<a target="_blank" href="#list_transactions" style="text-decoration: none"><button>List Transactions</button></a>
        <a target="_blank" href="#chart" style="text-decoration: none"><button>Display Chart</button></a>
    </p>
  </div>
</div>

Here I placed four buttons on the page, each of them pointing to a new page. Here is how the page looks:

Four buttons on page

Note: Code for all the other pages should be added below this, so that this page loads first.

Creating a Page to Update the Budget

When a user clicks on the Update Budget button a new page is displayed where a user can update the total available spending budget for the month.

Next, display a textbox and a button to update the budget. Place the code in the body tag of the index.html file:

<div data-role="page" id="update_budget">
  <div data-role="header">
    <a target="_blank" href="#home" class="ui-btn ui-icon-home ui-btn-icon-left">Home</a>
    <h1>Budget</h1>
  </div>

  <div data-role="main" class="ui-content">
    <p>
        Update this month budget
        <input type="text" id="month_budget" />
        <a target="_blank" href="javascript:update_budget()" style="text-decoration: none"><button>Update</button></a>
    </p>
  </div>
</div>

The text box should by default display the budget of the current month. So add an event listener to update the budget before the page loads.

To update the value of the textbox every time before the page loads, place this code in the script tag of index.html file:

function update_month()
{
    var date = new Date();
    var today = date.getMonth() + "-" + date.getFullYear();
    if(info.data[info.data.length - 1][0][0] != today)
    {
        info.data[info.data.length] = [];
        info.data[info.data.length - 1][0] = [];
        info.data[info.data.length - 1][1] = [];
        info.data[info.data.length - 1][0][0] = today;
        info.data[info.data.length - 1][0][1] = 0;
        info.data[info.data.length - 1][0][2] = 0;

        localStorage.setItem("em_data", JSON.stringify(info));
    }
}

$(document).on("pagebeforecreate","#update_budget",function(){
    update_month();
    document.getElementById("month_budget").value = info.data[info.data.length - 1][0][2];
});

Before updating the textbox value invoke the update_month function to check if the current month is available in the data array. Otherwise it creates a new array element representing the current month.

The update_budget function is invoked when Update Budget is clicked. Place this code in the script tag of the index.html page:

function update_budget()
{
    info.data[info.data.length - 1][0][2] = document.getElementById("month_budget").value;
    localStorage.setItem("em_data", JSON.stringify(info));

    navigator.notification.alert("This month budget is updated", null, "Budget Edit Status", "Ok");
}

Here is how the page looks:

Updating Budget

Creating a Page to Add Items Purchased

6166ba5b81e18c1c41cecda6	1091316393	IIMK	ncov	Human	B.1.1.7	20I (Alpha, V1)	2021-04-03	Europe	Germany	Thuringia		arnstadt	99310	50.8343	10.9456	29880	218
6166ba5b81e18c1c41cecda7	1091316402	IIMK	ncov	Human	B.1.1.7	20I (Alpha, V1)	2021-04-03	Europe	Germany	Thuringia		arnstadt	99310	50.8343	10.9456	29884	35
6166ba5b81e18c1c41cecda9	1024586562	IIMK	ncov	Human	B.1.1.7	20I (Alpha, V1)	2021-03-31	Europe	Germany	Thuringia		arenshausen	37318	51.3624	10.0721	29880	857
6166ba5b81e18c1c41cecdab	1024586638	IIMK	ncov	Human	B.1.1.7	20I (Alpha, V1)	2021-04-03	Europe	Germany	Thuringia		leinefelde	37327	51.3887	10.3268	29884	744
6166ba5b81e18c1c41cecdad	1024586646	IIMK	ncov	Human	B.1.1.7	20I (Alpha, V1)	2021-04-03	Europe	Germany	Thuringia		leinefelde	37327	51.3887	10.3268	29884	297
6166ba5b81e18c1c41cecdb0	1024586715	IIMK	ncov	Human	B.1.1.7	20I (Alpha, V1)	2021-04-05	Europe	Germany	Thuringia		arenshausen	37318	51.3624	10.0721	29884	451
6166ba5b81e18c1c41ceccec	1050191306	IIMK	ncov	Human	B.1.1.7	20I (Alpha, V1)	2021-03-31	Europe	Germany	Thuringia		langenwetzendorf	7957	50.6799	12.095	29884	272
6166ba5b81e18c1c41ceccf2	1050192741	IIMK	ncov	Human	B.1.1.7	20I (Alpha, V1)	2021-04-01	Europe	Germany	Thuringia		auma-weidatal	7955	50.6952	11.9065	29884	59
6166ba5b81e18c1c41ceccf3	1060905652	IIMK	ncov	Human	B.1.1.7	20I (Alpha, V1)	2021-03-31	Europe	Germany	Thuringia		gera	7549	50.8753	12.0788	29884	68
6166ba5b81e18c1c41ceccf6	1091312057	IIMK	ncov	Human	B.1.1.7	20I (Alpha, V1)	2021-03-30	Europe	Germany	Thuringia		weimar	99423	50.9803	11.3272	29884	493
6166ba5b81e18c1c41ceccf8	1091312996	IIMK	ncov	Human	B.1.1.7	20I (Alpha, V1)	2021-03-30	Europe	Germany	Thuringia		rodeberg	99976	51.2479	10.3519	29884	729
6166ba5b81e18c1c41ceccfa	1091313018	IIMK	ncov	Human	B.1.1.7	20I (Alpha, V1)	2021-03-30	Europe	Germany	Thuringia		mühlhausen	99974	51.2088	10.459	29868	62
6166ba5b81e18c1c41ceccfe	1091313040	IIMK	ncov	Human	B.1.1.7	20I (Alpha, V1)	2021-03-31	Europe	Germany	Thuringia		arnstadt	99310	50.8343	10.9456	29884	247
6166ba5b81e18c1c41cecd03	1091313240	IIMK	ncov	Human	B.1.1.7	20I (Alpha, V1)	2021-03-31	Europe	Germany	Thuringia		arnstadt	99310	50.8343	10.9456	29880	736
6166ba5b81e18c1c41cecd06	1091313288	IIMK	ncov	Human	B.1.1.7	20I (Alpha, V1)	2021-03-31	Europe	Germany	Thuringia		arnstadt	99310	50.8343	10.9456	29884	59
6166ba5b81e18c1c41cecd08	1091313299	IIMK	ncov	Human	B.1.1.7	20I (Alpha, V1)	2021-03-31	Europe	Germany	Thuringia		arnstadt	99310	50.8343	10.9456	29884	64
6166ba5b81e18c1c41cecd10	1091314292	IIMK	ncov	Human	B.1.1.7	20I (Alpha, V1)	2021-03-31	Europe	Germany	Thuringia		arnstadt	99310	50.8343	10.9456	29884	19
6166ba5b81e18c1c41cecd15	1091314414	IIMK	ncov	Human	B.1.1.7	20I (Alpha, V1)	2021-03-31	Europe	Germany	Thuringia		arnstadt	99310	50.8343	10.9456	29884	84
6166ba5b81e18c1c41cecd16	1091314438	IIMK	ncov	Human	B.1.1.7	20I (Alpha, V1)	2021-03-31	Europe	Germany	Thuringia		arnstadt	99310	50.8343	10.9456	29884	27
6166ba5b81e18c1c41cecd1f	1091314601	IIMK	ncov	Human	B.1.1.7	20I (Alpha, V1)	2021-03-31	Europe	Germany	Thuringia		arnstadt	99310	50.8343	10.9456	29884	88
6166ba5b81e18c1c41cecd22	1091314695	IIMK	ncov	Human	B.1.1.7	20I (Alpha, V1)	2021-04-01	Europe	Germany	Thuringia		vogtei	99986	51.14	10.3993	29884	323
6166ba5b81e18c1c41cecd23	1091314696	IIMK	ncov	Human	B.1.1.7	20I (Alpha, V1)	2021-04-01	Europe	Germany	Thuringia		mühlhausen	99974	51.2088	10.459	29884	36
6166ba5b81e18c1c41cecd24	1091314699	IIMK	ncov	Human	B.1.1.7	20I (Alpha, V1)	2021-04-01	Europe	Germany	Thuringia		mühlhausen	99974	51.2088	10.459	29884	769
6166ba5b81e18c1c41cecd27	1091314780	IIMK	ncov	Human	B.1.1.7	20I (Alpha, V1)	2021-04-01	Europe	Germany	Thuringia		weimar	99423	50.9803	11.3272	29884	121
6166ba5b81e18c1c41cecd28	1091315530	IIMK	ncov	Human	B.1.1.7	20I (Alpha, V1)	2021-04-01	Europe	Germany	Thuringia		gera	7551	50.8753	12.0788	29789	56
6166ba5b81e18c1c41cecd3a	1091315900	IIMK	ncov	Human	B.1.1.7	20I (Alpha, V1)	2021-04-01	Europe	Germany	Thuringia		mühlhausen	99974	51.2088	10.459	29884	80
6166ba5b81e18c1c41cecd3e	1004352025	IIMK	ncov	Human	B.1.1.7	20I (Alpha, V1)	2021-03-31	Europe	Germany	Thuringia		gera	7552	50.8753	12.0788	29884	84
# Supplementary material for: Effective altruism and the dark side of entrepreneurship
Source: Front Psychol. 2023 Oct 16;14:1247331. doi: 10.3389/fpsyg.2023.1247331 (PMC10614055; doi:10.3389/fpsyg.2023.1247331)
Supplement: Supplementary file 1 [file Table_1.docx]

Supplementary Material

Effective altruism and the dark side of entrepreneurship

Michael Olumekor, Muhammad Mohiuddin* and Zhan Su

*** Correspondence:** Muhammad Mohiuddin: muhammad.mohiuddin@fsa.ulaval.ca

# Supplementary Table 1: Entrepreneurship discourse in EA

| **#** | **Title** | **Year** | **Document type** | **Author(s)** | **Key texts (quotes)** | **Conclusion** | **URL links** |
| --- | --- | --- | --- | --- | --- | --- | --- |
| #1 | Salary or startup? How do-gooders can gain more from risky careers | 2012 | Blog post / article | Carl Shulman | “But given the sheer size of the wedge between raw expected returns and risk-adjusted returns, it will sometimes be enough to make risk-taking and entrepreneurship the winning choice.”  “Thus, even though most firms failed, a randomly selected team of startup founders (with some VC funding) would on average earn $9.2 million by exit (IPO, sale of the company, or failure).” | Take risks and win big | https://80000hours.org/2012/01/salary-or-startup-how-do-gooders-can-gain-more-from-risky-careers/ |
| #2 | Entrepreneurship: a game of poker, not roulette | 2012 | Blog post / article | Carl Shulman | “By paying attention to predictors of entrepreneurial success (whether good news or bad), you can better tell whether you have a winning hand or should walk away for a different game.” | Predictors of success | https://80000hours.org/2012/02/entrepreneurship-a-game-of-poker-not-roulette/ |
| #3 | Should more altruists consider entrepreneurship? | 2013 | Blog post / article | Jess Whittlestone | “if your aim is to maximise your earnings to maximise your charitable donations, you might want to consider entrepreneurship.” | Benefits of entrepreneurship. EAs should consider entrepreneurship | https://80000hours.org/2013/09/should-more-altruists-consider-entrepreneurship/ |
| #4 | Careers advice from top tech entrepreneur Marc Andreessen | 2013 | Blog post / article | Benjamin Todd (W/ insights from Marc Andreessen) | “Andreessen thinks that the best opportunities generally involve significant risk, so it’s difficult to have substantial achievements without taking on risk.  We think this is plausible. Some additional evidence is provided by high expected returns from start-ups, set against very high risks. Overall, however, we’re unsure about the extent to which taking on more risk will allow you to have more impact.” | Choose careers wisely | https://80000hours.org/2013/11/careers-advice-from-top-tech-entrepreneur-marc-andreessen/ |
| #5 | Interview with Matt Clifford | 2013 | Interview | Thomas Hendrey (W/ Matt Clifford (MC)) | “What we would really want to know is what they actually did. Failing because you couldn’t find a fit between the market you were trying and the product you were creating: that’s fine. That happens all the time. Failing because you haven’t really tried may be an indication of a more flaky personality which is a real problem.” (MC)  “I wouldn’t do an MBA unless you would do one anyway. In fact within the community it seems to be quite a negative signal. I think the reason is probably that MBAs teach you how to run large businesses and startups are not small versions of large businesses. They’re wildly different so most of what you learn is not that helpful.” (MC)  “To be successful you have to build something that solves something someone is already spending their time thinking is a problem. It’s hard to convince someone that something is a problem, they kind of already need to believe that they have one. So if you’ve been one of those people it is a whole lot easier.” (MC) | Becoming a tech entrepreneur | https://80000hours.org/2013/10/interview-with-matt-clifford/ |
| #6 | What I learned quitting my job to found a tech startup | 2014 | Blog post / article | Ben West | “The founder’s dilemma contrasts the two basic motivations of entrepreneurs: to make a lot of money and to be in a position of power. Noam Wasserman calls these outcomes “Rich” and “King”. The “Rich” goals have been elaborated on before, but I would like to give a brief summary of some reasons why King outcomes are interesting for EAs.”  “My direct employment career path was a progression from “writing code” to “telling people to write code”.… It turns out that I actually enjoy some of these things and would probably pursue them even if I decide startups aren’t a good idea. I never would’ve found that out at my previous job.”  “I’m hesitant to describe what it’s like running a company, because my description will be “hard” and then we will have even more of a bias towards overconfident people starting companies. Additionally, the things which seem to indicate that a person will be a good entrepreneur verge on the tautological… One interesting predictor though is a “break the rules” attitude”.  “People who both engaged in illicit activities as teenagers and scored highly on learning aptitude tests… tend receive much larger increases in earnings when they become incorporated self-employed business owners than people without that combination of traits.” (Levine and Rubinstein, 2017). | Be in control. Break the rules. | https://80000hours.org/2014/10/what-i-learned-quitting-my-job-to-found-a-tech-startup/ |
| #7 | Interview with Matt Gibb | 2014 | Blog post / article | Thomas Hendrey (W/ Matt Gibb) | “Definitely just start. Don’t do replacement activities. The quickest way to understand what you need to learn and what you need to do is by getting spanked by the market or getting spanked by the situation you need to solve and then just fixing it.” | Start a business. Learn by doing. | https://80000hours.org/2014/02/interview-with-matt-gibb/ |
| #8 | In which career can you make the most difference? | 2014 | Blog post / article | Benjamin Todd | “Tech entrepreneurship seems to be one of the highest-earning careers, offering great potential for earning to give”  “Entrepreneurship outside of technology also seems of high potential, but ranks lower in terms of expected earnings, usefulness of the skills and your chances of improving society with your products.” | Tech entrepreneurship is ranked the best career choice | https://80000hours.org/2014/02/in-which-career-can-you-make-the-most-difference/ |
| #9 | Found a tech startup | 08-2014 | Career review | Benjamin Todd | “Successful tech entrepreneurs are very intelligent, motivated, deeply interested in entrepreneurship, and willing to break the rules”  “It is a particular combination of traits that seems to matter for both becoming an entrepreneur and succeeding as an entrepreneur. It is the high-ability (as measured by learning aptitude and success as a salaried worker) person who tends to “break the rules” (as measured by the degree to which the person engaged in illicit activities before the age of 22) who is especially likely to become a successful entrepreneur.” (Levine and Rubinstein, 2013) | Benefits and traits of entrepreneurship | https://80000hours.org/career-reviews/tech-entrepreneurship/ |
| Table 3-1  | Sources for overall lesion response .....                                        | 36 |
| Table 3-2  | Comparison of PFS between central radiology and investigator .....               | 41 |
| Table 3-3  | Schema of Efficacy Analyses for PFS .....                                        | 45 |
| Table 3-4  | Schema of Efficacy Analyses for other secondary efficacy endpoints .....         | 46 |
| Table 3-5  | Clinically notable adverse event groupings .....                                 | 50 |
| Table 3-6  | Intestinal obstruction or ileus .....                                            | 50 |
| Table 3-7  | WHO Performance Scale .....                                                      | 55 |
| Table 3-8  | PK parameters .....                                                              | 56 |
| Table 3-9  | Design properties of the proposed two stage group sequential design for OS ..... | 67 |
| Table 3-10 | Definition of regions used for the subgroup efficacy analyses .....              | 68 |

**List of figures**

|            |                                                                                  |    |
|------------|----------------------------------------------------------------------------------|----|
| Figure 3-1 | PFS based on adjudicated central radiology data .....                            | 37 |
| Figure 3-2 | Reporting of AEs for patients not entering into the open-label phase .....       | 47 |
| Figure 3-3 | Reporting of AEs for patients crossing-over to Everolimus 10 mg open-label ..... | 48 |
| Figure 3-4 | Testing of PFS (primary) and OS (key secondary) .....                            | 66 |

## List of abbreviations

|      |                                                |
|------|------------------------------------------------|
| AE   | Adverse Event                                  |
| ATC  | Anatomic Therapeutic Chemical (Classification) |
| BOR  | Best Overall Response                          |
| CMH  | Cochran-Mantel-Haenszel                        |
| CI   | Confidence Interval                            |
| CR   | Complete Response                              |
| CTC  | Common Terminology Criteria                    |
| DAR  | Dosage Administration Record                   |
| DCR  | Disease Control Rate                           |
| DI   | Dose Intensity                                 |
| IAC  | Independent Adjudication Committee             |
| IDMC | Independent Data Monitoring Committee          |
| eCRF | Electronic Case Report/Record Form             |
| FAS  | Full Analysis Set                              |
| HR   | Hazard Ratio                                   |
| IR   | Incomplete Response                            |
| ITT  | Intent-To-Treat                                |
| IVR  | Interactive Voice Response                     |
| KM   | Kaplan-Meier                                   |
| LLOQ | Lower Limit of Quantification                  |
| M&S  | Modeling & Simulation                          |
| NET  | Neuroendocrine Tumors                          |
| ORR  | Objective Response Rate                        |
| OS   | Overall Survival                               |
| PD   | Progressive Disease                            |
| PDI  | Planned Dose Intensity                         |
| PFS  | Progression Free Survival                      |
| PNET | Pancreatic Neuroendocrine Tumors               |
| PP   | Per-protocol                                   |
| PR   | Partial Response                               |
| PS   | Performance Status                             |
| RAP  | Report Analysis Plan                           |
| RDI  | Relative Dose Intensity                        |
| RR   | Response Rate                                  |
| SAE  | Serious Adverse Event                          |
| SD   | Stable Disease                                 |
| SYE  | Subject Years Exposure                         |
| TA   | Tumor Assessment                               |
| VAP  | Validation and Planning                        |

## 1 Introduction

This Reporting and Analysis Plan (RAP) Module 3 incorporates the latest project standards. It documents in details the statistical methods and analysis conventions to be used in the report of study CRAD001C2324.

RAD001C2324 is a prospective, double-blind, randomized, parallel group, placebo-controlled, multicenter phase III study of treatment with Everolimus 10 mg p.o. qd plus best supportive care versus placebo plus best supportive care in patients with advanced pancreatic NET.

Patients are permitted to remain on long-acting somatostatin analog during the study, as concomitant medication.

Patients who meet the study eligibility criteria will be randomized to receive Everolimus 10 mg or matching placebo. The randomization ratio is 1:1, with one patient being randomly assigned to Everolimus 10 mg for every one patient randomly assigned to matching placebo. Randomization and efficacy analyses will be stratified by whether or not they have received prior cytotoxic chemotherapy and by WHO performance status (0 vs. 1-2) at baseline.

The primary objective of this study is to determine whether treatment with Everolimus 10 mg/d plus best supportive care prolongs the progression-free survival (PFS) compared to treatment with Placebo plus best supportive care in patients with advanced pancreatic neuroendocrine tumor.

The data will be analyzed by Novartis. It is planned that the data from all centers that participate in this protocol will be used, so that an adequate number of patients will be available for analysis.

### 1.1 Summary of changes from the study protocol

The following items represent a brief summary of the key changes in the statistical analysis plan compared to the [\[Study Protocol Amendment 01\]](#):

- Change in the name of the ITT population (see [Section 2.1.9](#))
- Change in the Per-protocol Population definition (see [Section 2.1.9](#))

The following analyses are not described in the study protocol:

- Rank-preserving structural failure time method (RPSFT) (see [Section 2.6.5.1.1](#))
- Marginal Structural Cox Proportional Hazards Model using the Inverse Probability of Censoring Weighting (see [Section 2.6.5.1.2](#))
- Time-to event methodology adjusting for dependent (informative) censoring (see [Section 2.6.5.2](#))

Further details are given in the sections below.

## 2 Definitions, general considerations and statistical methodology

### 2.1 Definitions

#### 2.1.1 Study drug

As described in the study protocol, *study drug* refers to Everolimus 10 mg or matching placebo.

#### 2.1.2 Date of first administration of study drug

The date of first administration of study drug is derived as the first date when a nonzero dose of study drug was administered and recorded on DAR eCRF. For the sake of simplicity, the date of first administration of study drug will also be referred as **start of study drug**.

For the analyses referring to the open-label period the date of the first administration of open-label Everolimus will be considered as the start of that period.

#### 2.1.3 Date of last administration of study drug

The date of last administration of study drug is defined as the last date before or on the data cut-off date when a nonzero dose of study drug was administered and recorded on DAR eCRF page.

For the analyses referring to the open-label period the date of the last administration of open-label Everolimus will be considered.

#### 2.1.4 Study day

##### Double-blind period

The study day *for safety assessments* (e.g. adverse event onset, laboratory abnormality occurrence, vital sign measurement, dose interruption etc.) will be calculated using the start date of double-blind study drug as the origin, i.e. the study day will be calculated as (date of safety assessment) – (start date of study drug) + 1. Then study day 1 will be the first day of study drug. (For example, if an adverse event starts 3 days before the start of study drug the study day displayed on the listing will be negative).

When a user clicks the Add Transaction button, a new page is displayed where they can add details of newly purchased items such as name and cost. Place this code in the body tag of the index.html file that displays two textboxes and a button to add a new item:

<div data-role="page" id="add_transaction">
  <div data-role="header">
    <a target="_blank" href="#home" class="ui-btn ui-icon-home ui-btn-icon-left">Home</a>
    <h1>New item</h1>
  </div>

  <div data-role="main" class="ui-content">
    <p>
        Item name
        <input type="text" id="item_name" />
        Item Cost
        <input type="text" id="item_cost" />
        <a target="_blank" href="javascript:add_item()" style="text-decoration: none"><button>Add</button></a>
    </p>
  </div>
</div>

Before the page loads check if the current month is present in the data array and if not, create a new element in the data array representing the current month. Place this code in the script tag of the index.html page to invoke the update_month function before the page loads:

$(document).on("pagebeforecreate","#add_transaction",function(){
    update_month();
});

Finally comes the add_item function, invoked when user clicks the Add button on the page. Here is the code for the add_item function. Place this code in the script tag of the index.html page:

function add_item()
{
    var item = [document.getElementById("item_name").value, document.getElementById("item_cost").value];
    info.data[info.data.length - 1][1][info.data[info.data.length - 1][1].length] = item;
    info.data[info.data.length - 1][0][1] = info.data[info.data.length - 1][0][1] + parseInt(document.getElementById("item_cost").value);
    localStorage.setItem("em_data", JSON.stringify(info));

    navigator.notification.alert("New item has been added to this month transactions", null, "Transaction", "Ok")
}

Here is how the page looks:

Adding a Transaction

Creating a Page to display Purchased Items

When a user clicks on the List Transactions button, a new page is displayed where they can see a list of items (and their price) purchased during the current month.